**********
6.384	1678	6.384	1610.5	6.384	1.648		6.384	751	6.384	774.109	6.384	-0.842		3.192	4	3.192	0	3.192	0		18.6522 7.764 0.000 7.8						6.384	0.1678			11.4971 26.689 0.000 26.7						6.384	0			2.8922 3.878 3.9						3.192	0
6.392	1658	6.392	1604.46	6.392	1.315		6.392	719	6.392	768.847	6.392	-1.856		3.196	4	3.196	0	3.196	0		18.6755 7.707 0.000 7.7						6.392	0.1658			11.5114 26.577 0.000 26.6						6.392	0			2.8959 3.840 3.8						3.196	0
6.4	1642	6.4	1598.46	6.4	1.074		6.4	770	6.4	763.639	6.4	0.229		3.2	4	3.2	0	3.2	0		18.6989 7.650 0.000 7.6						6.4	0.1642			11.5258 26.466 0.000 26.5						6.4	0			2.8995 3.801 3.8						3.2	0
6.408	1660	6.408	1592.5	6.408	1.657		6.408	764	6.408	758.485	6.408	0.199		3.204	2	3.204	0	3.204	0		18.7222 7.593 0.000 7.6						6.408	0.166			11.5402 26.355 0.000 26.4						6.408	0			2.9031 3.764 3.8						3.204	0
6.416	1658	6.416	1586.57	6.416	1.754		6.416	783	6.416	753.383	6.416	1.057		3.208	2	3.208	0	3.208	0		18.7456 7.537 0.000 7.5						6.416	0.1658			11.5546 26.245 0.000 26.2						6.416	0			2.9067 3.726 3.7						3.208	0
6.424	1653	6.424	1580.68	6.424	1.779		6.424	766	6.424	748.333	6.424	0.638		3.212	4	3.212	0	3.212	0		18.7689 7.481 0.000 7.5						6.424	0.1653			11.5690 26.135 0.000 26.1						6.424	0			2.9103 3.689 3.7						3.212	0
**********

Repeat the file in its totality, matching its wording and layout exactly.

6.384	1678	6.384	1610.5	6.384	1.648		6.384	751	6.384	774.109	6.384	-0.842		3.192	4	3.192	0	3.192	0		18.6522 7.764 0.000 7.8						6.384	0.1678			11.4971 26.689 0.000 26.7						6.384	0			2.8922 3.878 3.9						3.192	0
6.392	1658	6.392	1604.46	6.392	1.315		6.392	719	6.392	768.847	6.392	-1.856		3.196	4	3.196	0	3.196	0		18.6755 7.707 0.000 7.7						6.392	0.1658			11.5114 26.577 0.000 26.6						6.392	0			2.8959 3.840 3.8						3.196	0
6.4	1642	6.4	1598.46	6.4	1.074		6.4	770	6.4	763.639	6.4	0.229		3.2	4	3.2	0	3.2	0		18.6989 7.650 0.000 7.6						6.4	0.1642			11.5258 26.466 0.000 26.5						6.4	0			2.8995 3.801 3.8						3.2	0
6.408	1660	6.408	1592.5	6.408	1.657		6.408	764	6.408	758.485	6.408	0.199		3.204	2	3.204	0	3.204	0		18.7222 7.593 0.000 7.6						6.408	0.166			11.5402 26.355 0.000 26.4						6.408	0			2.9031 3.764 3.8						3.204	0
6.416	1658	6.416	1586.57	6.416	1.754		6.416	783	6.416	753.383	6.416	1.057		3.208	2	3.208	0	3.208	0		18.7456 7.537 0.000 7.5						6.416	0.1658			11.5546 26.245 0.000 26.2						6.416	0			2.9067 3.726 3.7						3.208	0
6.424	1653	6.424	1580.68	6.424	1.779		6.424	766	6.424	748.333	6.424	0.638		3.212	4	3.212	0	3.212	0		18.7689 7.481 0.000 7.5						6.424	0.1653			11.5690 26.135 0.000 26.1						6.424	0			2.9103 3.689 3.7						3.212	0